The competition sparked controversy <https://blumenauerforms.house.gov/components/redirect/r.aspx?ID=1647-211538> in 2017 when some Republican members of the House removed a painting from display. In Congressman Blumenauer’s opinion, this act inherently silenced the student artist from Missouri. The painting portrayed conflict between the African American community and law enforcement in Ferguson after the death of Michael Brown, an unarmed black teen. Republican leadership repeatedly called for the painting’s removal, and as a result, it was permanently removed—deemed a violation of a rule that artwork in the Capitol cannot “depict contemporary political controversy, or of a sensationalistic or gruesome nature.” Following this incident, Congressman Blumenauer instituted his own OR-03 Arts Competition.
Please note that this is a secure building and you will need to call 503-231-2300 to have someone come down to receive your art.
“60 Minutes” in May, Mr. Bigelow said he was “absolutely convinced” that aliens exist and that U.F.O.s have visited Earth.
The program collected video and audio recordings of reported U.F.O. incidents, including footage from a Navy F/A-18 Super Hornet showing an aircraft surrounded by some kind of glowing aura traveling at high speed and rotating as it moves. The Navy pilots can be heard trying to understand what they are seeing. “There’s a whole fleet of them,” one exclaims. Defense officials declined to release the location and date of the incident.
Luis Elizondo, who led the Pentagon effort to investigate U.F.O.s until October. He resigned to protest what he characterized as excessive secrecy and internal opposition to the program.
Mr. Bigelow, Bigelow Aerospace, Mr. Reid, Mr. John Glenn, Mr. Elizondo, Mr. Stevens and Mr. Inouye, used to work with the Navy, C.I.A. Pentagon, Defense Secretary Jim Mattis, Harold E. Puthoff, William Lynn III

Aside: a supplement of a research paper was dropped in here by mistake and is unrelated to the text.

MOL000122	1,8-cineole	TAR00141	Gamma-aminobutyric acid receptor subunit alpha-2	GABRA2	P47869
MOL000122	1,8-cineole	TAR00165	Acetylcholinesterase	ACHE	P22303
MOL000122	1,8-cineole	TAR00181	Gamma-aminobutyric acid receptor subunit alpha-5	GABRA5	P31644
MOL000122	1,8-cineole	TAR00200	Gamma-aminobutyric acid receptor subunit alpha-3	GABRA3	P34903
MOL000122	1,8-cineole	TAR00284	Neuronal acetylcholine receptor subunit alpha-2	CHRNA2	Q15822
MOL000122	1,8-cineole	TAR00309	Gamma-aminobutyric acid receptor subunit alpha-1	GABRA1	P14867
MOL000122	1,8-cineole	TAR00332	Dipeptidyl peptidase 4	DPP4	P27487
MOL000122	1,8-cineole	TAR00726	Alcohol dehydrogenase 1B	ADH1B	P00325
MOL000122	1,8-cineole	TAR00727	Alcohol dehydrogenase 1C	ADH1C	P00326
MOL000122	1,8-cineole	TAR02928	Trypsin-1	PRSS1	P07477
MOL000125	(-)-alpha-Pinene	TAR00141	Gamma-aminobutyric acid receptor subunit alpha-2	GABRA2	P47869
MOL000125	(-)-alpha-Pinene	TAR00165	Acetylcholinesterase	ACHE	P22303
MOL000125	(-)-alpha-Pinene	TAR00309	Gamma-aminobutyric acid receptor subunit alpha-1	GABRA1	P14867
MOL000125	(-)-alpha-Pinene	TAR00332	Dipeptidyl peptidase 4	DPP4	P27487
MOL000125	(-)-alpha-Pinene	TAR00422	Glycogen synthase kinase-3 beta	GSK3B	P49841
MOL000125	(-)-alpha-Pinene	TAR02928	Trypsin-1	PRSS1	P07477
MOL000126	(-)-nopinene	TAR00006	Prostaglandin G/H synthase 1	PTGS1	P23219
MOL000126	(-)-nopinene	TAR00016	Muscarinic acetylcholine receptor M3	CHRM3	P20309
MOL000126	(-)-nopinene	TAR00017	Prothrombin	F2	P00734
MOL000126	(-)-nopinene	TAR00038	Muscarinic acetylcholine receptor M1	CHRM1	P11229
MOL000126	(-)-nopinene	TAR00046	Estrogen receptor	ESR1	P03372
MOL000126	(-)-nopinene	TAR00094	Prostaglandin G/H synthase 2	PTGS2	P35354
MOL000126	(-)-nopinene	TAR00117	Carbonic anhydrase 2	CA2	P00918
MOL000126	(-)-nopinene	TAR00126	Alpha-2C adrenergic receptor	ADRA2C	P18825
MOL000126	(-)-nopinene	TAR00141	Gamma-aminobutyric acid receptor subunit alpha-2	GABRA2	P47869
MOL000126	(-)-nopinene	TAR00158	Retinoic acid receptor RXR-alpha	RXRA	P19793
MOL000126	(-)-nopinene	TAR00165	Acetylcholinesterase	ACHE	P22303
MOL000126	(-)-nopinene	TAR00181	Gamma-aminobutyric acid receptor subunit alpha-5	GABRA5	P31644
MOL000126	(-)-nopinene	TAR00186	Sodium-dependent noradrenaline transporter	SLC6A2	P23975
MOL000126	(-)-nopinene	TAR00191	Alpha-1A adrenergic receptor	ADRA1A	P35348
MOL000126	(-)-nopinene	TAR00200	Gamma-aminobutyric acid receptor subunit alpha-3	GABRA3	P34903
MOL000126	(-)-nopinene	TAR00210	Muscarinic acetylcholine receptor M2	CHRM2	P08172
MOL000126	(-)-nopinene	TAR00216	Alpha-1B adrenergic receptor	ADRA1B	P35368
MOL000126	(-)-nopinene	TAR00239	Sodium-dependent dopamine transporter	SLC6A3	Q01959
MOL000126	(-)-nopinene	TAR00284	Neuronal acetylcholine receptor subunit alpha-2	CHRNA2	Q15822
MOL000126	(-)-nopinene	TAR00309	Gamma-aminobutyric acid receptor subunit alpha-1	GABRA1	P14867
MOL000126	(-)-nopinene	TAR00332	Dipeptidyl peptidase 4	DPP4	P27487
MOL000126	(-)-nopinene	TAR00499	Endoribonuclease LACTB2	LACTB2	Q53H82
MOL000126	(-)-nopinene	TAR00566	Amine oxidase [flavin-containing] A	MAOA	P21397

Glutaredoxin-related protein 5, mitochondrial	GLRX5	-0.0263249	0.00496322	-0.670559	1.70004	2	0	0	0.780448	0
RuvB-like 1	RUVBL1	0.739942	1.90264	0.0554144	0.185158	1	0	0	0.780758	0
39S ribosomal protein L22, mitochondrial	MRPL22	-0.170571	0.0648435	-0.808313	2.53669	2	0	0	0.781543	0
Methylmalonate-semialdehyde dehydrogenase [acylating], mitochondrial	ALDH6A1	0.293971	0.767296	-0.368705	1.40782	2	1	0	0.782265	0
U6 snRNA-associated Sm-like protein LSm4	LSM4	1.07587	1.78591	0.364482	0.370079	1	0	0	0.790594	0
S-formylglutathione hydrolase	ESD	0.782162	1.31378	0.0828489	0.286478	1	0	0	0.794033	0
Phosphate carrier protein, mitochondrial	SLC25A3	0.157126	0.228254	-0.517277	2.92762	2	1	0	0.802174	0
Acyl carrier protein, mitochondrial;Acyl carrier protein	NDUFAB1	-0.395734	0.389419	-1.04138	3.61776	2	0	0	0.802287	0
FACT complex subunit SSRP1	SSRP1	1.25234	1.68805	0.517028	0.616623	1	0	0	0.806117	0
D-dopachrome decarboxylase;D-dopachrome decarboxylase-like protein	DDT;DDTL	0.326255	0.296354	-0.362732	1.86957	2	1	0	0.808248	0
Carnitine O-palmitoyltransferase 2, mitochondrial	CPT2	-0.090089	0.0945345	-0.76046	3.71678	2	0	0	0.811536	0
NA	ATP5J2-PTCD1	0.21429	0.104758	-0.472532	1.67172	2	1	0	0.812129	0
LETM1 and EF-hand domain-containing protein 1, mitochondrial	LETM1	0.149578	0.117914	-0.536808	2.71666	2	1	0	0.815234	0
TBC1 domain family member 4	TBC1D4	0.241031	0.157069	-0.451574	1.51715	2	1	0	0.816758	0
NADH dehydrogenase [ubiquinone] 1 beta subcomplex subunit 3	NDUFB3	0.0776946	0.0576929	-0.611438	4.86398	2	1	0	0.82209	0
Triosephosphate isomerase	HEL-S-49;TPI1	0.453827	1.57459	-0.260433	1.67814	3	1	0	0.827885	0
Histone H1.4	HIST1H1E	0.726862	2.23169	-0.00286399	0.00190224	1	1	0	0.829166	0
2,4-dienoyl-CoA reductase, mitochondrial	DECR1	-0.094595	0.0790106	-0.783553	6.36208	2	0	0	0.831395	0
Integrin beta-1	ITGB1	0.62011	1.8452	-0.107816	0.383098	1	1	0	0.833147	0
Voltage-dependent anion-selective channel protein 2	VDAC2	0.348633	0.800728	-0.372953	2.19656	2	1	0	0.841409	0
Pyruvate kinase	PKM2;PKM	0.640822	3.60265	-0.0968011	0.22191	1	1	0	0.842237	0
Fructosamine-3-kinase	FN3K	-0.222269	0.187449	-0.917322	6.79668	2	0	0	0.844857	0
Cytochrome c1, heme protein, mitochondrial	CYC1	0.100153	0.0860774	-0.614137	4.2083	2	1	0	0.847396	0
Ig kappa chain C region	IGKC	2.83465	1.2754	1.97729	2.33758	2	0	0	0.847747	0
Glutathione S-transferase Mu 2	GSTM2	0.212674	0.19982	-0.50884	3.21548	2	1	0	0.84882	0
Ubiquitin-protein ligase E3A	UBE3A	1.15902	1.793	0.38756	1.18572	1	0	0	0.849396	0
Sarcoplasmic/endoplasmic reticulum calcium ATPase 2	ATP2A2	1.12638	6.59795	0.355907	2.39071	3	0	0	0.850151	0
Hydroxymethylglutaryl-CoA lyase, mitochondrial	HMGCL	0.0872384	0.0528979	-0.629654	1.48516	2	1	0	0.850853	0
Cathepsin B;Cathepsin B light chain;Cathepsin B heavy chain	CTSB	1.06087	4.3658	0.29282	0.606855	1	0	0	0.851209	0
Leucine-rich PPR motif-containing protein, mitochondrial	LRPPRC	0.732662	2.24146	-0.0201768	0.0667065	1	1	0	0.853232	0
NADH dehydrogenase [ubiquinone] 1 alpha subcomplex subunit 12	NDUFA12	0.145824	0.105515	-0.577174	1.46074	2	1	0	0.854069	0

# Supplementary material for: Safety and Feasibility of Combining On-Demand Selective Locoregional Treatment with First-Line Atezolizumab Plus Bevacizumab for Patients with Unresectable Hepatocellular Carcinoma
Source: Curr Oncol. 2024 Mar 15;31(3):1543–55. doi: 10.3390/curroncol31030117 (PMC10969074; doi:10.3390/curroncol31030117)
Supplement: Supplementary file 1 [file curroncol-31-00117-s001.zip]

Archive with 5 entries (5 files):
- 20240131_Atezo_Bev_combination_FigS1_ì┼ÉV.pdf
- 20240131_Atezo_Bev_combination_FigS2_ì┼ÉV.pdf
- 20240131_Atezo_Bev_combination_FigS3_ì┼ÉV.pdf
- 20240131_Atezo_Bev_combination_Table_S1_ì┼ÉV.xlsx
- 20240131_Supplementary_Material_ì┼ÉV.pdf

Robert Bigelow, a billionaire entrepreneur and longtime friend of Mr. Reid, received most of the money allocated for the Pentagon program. On CBS’s “60 Minutes” in May, Mr. Bigelow said he was “absolutely convinced” that aliens exist and that U.F.O.s have visited Earth.
The sightings were reported to the Pentagon’s shadowy, little-known Advanced Aerospace Threat Identification Program
$600 billion annual Defense Department budgets, the $22 million spent on the Advanced Aerospace Threat Identification Program was almost impossible to find. Which was how the Pentagon wanted it.
How to report what the military calls unexplained aerial phenomena, or unidentified flying objects.
One was captured by a plane’s camera off the coast of Jacksonville, Fla., on Jan. 20, 2015. That footage, published previously but with little context, shows an object tilting like a spinning top moving against the wind. A pilot refers to a fleet of objects, but no imagery of a fleet was released. The second video was taken a few weeks later.
#UFO Videos filmed by Navy pilots #UFOVideosfilmedbyNavyPilots
Resizeable pull the bottom right corner to the right
The genes of living fungi indicate that their common ancestor lived over a billion years ago.
New fossils were found in the remote Northwest Territories of the Canadian Arctic. The fossils were single-celled organisms. They were much bigger than bacteria, but Mr. Loron couldn’t determine exactly what they were. Dr. Rainbird’s analysis of the rocks showed that these organisms, whatever they were, had fossilized a billion years ago in an estuary, where a river flowed into a sea.